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The Works of Edgar Allan Poe Raven Edition Volume 5


page 7 of 7 | page 1 | Table of Contents

Complete Stories and Poems of Edgar Allan Poe

The scene that ensued is altogether beyond description. The rush for the doors and windows was terrific, and many of the most robust men in the room fainted outright through sheer horror. But after the first wild, shrieking burst of affright, all eyes were directed to Mr. Goodfellow. If I live a thousand years, I can never forget the more than mortal agony which was depicted in that ghastly face of his, so lately rubicund with triumph and wine. For several minutes he sat rigidly as a statue of marble; his eyes seeming, in the intense vacancy of their gaze, to be turned inward and absorbed in the contemplation of his own miserable, murderous soul. At length their expression appeared to flash suddenly out into the external world, when, with a quick leap, he sprang from his chair, and falling heavily with his head and shoulders upon the table, and in contact with the corpse, poured out rapidly and vehemently a detailed confession of the hideous crime for which Mr. Pennifeather was then imprisoned and doomed to die.

What he recounted was in substance this: -- He followed his victim to the vicinity of the pool; there shot his horse with a pistol; despatched its rider with the butt end; possessed himself of the pocket-book, and, supposing the horse dead, dragged it with great labour to the brambles by the pond. Upon his own beast he slung the corpse of Mr. Shuttleworthy, and thus bore it to a secure place of concealment a long distance off through the woods.

The waistcoat, the knife, the pocket-book, and bullet, had been placed by himself where found, with the view of avenging himself upon Mr. Pennifeather. He had also contrived the discovery of the stained handkerchief and shirt.

Towards the end of the blood-churning recital the words of the guilty wretch faltered and grew hollow. When the record was finally exhausted, he arose, staggered backward from the table, and fell-dead.


The means by which this happily-timed confession was extorted, although efficient, were simple indeed. Mr. Goodfellow's excess of frankness had disgusted me, and excited my suspicions from the first. I was present when Mr. Pennifeather had struck him, and the fiendish expression which then arose upon his countenance, although momentary, assured me that his threat of vengeance would, if possible, be rigidly fulfilled. I was thus prepared to view the manoeuvering of "Old Charley" in a very different light from that in which it was regarded by the good citizens of Rattleborough. I saw at once that all the criminating discoveries arose, either directly or indirectly, from himself. But the fact which clearly opened my eyes to the true state of the case, was the affair of the bullet, found by Mr. G. in the carcass of the horse. I had not forgotten, although the Rattleburghers had, that there was a hole where the ball had entered the horse, and another where it went out. If it were found in the animal then, after having made its exit, I saw clearly that it must have been deposited by the person who found it. The bloody shirt and handkerchief confirmed the idea suggested by the bullet; for the blood on examination proved to be capital claret, and no more. When I came to think of these things, and also of the late increase of liberality and expenditure on the part of Mr. Goodfellow, I entertained a suspicion which was none the less strong because I kept it altogether to myself.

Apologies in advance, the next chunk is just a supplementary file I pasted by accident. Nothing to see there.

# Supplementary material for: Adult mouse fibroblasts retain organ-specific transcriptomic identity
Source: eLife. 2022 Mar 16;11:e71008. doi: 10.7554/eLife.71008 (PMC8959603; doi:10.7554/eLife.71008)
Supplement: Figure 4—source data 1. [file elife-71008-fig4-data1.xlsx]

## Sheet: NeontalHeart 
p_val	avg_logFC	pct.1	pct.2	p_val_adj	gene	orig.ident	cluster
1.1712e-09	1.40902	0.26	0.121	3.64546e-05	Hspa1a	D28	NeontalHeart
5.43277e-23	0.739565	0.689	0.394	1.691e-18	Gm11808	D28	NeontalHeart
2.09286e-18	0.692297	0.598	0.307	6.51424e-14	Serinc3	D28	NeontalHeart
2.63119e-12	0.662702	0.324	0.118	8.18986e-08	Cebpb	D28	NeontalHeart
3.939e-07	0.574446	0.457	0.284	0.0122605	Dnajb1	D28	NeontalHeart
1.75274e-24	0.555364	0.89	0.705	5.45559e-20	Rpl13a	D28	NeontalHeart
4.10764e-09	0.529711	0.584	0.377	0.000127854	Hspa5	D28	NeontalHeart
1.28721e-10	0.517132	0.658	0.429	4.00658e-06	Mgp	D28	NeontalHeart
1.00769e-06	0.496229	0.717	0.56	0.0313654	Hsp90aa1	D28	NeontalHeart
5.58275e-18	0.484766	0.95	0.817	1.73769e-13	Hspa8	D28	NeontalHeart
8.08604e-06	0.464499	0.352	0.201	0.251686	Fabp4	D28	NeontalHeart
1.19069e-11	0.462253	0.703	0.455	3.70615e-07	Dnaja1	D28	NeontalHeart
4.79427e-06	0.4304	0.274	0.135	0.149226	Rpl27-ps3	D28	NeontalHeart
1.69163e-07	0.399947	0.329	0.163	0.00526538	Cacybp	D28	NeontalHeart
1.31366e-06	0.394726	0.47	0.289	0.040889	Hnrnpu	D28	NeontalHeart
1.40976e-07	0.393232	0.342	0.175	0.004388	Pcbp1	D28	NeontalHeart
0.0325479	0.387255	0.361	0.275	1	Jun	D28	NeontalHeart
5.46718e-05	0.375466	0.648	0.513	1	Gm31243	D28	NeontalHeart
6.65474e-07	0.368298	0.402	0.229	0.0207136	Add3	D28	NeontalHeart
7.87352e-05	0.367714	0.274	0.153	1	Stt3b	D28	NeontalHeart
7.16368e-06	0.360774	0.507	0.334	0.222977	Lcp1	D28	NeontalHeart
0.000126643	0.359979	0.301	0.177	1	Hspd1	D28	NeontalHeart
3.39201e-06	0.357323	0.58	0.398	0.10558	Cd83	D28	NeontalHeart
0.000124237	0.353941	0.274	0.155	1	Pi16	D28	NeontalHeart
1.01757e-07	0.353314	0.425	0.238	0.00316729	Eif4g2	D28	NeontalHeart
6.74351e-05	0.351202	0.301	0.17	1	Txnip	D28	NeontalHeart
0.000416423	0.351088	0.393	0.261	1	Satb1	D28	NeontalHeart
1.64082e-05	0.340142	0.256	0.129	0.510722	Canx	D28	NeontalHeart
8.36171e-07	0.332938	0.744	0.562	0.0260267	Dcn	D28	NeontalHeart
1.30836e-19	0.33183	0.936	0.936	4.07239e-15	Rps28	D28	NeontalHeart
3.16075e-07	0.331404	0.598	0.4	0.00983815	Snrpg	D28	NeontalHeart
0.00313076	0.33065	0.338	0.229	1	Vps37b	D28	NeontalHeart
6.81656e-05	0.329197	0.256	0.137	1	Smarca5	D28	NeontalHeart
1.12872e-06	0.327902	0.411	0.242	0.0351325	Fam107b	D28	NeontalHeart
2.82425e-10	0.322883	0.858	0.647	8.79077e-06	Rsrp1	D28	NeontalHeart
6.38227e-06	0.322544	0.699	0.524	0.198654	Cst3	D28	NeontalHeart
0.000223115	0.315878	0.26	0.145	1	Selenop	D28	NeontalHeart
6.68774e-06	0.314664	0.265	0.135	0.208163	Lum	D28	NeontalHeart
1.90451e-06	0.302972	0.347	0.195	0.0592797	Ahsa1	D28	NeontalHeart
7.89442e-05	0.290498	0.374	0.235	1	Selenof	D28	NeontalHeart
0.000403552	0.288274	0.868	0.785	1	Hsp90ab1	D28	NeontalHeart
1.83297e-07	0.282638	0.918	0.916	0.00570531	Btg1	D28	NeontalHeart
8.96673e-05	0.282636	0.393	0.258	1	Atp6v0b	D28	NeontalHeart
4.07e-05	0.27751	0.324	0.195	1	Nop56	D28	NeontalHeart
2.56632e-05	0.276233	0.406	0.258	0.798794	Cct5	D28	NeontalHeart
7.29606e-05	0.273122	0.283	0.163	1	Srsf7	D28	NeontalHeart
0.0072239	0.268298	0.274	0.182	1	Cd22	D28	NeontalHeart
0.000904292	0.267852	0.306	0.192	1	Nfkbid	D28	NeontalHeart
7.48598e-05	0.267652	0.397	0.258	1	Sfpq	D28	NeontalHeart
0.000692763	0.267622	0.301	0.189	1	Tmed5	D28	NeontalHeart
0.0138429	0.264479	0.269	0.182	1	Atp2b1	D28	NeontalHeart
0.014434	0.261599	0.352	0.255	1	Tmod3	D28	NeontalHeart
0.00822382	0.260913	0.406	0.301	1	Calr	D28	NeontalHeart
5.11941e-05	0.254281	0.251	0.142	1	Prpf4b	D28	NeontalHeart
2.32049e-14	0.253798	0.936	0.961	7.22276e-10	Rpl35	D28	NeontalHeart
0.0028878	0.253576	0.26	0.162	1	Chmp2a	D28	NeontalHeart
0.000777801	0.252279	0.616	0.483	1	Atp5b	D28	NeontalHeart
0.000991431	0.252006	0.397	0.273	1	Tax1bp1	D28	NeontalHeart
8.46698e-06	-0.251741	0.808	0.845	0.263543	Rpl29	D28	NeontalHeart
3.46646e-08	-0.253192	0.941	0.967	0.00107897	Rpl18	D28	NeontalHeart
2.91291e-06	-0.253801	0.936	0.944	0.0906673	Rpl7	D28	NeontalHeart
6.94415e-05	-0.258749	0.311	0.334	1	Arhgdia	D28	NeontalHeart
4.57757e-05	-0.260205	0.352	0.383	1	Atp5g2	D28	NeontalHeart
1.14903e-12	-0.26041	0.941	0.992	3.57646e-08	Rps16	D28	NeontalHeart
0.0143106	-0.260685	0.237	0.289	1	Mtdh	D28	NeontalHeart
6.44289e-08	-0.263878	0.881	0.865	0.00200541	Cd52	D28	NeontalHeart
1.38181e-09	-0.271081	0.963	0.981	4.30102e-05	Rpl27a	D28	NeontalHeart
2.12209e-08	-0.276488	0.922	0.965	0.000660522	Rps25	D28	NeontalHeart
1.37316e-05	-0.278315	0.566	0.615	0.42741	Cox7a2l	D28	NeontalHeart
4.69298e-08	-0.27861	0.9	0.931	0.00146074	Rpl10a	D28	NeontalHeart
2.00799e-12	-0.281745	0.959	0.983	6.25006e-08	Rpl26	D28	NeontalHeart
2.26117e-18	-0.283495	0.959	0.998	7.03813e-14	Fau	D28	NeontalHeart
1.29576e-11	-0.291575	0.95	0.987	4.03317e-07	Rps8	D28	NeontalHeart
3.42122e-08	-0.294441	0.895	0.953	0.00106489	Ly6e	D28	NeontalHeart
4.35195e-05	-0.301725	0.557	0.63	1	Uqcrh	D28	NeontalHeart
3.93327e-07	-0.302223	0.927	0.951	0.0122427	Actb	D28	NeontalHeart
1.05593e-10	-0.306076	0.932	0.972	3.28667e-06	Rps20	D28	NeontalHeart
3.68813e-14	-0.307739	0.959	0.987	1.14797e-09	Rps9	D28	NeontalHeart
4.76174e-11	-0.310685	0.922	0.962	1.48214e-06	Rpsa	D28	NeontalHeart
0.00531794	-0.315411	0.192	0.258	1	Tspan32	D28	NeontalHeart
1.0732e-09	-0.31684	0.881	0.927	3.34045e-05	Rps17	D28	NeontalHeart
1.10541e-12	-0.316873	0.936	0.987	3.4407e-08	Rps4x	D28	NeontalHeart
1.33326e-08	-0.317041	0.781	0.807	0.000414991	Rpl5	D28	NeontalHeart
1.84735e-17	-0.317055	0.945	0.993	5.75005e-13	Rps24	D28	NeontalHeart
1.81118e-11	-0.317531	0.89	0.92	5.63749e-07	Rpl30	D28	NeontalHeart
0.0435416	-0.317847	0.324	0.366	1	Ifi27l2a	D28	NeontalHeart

In the meantime, I instituted a rigorous private search for the corpse of Mr. Shuttleworthy, and, for good reasons, searched in quarters as divergent as possible from those to which Mr. Goodfellow conducted his party. The result was that, after some days, I came across an old dry well, the mouth of which was nearly hidden by brambles; and here, at the bottom, I discovered what I sought.

Now it so happened that I had overheard the colloquy between the two cronies, when Mr. Goodfellow had contrived to cajole his host into the promise of a box of Chateaux-Margaux. Upon this hint I acted. I procured a stiff piece of whalebone, thrust it down the throat of the corpse, and deposited the latter in an old wine box-taking care so to double the body up as to double the whalebone with it. In this manner I had to press forcibly upon the lid to keep it down while I secured it with nails; and I anticipated, of course, that as soon as these latter were removed, the top would fly off and the body up.

Having thus arranged the box, I marked, numbered, and addressed it as already told; and then writing a letter in the name of the wine merchants with whom Mr. Shuttleworthy dealt, I gave instructions to my servant to wheel the box to Mr. Goodfellow's door, in a barrow, at a given signal from myself. For the words which I intended the corpse to speak, I confidently depended upon my ventriloquial abilities; for their effect, I counted upon the conscience of the murderous wretch.

I believe there is nothing more to be explained. Mr. Pennifeather was released upon the spot, inherited the fortune of his uncle, profited by the lessons of experience, turned over a new leaf, and led happily ever afterward a new life.